We’ve been tipping our hat a lot this week, but there has been quite a bit of good journalism coming out of Hurricane Katrina and its ramifications, so here’s one more bow, this time to NPR.

Whistleblowers are a journalist’s lifeblood, providing a reporter — and the public — with crucial inside information that would otherwise remain buried. Much of the time these sources remain anonymous, but as the Washington Post recently discovered when one of its anonymous sources in the White House was caught lying to it, you sometimes have to take what these sources say with a grain of salt. So it stands to reason that it’s considered the best of all possible journalistic worlds when a source willing to be named will step forth with on-the-record transcriptions — even at the risk of their own career.

Such a source came to NPR this morning, in the form of one Leo Bosner, an emergency management specialist at FEMA, who is in charge of the group that alerts FEMA’s higher-ups to potential crises situations and manages the response. A clearly exasperated Bosner spoke candidly with NPR reporter Laura Sullivan about the agency’s lame and late response to hurricane Katrina. Bosner, who’s been with FEMA since 1979, recounts how he sent daily e-mails, called National Situation Updates, to Homeland Security secretary Michael Chertoff and FEMA’s Michael Brown in the days before Katrina hit; each one warned of the storm’s growing strength and the potential danger it posed to New Orleans - and each one seemed to be roundly ignored.

Bosner accuses FEMA — his employer — of failing to call for the mobilization of the National Guard or to assure that evacuation buses were at the ready. As Sullivan puts it, he recounts how “he and his colleagues at FEMA’s D.C. headquarters were shocked by the lack of response” by FEMA in particular and the federal government in general — not just throughout the weekend before Katrina hit, but even on Monday, August 29, the day all hell began to break loose in New Orleans. In the NPR interview, Bosner takes us through the weekend at FEMA’s headquarters, charting the confusion and disbelief among his co-workers as situation update after situation update was ignored. The telling updates sent to Homeland Security chief Michael Chertoff and FEMA chief Michael Brown make for chilling reading and, thankfully, NPR links to four of them, beginning with one written on Friday, August 26. One early update reports of readings from buoys at sea of waves 46 feet high forming as Katrina bore down on the Gulf coast. The email from the day before the levees broke in New Orleans ominously predicts that “[s]ome levees in the greater New Orleans area could be overtopped.”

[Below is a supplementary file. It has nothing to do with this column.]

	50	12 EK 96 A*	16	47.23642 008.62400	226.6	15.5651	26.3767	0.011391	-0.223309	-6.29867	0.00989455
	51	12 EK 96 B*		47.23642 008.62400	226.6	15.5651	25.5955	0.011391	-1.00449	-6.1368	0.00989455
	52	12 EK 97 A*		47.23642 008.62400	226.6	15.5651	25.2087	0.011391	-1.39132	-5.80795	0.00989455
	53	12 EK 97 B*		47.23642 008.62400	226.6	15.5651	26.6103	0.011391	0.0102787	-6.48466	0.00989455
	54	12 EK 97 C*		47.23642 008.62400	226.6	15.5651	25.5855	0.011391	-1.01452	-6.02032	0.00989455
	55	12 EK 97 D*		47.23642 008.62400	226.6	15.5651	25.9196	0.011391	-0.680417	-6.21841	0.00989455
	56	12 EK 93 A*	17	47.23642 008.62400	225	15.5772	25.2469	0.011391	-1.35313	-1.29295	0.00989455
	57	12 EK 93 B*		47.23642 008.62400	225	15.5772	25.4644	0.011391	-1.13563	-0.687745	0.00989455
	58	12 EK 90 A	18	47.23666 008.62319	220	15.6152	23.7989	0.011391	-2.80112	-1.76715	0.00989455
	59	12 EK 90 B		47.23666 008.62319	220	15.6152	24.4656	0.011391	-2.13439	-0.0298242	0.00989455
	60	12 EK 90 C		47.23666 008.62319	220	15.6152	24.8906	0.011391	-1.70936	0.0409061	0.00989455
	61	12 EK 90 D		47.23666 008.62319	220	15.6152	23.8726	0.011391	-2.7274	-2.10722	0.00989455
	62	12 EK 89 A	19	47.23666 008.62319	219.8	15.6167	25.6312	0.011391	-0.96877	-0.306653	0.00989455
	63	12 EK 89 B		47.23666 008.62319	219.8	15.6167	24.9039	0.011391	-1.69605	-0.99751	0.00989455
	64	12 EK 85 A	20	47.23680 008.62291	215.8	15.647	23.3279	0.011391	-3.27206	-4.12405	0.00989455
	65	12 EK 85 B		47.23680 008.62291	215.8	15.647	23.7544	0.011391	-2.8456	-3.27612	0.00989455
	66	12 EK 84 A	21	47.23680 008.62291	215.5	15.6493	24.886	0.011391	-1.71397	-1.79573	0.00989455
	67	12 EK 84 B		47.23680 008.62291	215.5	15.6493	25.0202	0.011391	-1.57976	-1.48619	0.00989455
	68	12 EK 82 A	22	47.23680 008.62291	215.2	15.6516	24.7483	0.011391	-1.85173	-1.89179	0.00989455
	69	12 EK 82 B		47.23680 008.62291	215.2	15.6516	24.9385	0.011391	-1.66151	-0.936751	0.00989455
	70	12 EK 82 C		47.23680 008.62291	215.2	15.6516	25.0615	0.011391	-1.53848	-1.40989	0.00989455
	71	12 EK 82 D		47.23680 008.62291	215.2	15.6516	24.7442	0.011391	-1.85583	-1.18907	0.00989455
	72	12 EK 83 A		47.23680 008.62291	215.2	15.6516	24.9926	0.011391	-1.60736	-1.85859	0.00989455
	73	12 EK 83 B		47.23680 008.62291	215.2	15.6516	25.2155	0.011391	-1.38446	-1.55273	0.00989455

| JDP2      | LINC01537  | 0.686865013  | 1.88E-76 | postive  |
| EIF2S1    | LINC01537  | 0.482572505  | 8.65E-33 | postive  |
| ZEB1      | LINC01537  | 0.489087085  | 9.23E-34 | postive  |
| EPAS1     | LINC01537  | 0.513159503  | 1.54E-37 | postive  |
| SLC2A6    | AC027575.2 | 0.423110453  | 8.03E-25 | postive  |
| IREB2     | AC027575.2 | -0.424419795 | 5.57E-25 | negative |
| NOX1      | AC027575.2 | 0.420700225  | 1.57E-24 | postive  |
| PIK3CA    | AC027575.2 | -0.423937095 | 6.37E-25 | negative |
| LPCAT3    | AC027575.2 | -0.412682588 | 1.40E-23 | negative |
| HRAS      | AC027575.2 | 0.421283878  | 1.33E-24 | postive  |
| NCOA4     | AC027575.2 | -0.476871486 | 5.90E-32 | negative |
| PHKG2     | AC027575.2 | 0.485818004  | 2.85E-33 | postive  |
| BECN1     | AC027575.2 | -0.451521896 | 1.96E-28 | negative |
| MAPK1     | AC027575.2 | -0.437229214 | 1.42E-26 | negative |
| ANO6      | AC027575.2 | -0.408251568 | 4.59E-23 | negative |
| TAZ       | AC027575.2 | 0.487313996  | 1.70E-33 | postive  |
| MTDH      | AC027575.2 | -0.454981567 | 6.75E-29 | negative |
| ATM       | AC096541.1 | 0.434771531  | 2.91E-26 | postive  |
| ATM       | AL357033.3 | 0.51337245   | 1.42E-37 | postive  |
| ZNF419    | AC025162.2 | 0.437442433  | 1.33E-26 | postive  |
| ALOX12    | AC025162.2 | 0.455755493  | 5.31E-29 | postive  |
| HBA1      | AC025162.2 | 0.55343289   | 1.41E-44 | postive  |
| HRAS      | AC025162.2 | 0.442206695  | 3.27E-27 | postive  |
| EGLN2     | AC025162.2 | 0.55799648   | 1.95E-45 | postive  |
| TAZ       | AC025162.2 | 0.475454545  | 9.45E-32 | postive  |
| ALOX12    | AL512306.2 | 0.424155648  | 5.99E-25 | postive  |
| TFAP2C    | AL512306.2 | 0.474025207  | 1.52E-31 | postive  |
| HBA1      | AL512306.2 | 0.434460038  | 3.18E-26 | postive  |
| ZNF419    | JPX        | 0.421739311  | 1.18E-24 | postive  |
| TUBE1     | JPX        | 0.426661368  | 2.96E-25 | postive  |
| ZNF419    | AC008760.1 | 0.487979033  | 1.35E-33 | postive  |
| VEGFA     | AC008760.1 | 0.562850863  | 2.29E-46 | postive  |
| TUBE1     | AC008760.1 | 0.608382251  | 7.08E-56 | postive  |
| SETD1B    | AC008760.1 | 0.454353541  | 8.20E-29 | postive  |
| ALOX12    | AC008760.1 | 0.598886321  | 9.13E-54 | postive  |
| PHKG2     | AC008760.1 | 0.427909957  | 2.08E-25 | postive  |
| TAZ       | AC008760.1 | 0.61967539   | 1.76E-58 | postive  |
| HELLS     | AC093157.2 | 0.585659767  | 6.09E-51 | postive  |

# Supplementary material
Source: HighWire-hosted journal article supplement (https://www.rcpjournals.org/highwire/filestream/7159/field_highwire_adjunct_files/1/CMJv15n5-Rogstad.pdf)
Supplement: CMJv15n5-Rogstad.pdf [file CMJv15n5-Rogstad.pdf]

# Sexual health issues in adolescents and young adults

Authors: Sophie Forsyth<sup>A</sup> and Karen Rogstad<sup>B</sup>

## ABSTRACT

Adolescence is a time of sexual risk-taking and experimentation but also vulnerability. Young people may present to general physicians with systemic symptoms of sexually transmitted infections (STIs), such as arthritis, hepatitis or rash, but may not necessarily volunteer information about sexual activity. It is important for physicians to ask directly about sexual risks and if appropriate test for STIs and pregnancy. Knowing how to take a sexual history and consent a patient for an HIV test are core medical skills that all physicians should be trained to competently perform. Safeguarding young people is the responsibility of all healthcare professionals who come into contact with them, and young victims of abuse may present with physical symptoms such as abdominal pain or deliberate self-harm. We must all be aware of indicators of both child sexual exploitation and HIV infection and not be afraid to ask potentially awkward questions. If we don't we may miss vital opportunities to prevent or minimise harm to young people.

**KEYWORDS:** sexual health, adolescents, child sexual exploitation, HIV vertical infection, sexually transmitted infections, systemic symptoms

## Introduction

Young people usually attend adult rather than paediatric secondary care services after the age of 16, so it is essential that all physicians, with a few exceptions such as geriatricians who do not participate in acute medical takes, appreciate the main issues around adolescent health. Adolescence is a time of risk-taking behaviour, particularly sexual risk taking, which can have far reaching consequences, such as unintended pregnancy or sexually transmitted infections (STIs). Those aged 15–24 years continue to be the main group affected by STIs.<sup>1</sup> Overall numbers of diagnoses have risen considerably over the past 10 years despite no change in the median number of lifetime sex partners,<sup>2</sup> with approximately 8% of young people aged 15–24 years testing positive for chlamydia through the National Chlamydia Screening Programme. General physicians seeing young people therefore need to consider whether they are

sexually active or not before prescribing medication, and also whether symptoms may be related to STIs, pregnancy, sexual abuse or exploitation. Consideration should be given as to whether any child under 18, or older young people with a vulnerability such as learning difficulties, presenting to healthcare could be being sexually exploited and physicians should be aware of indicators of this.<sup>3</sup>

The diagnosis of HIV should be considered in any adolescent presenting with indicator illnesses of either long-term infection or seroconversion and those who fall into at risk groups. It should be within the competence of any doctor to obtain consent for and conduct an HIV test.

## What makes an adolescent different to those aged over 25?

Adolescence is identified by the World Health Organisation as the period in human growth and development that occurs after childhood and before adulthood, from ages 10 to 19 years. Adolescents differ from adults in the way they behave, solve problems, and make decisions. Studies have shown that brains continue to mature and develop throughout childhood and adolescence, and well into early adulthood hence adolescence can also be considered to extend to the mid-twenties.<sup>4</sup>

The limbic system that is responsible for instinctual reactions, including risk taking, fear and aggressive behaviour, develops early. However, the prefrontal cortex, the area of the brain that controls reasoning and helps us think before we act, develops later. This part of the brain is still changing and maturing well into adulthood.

We wrote yesterday that, thanks to some intrepid journalism, several pieces of the larger puzzle of this story are beginning to come together. Now Bosner, courtesy of NPR, brings us not just another piece of the puzzle, but an encouraging indication that at least some people on the inside, shocked by the inability of the government to respond to its own red alerts, are willing to talk.

Bosner, if not the first, is one of the first. Thanks to him, we now know what it was like to have been inside the frustratingly ineffectual FEMA offices during a critical time, yelling through a digital bullhorn at deaf ears in the executive suites.

Paul McLeary

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Paul McLeary is senior editor of Defense Technology International magazine, and is a former CJR staffer.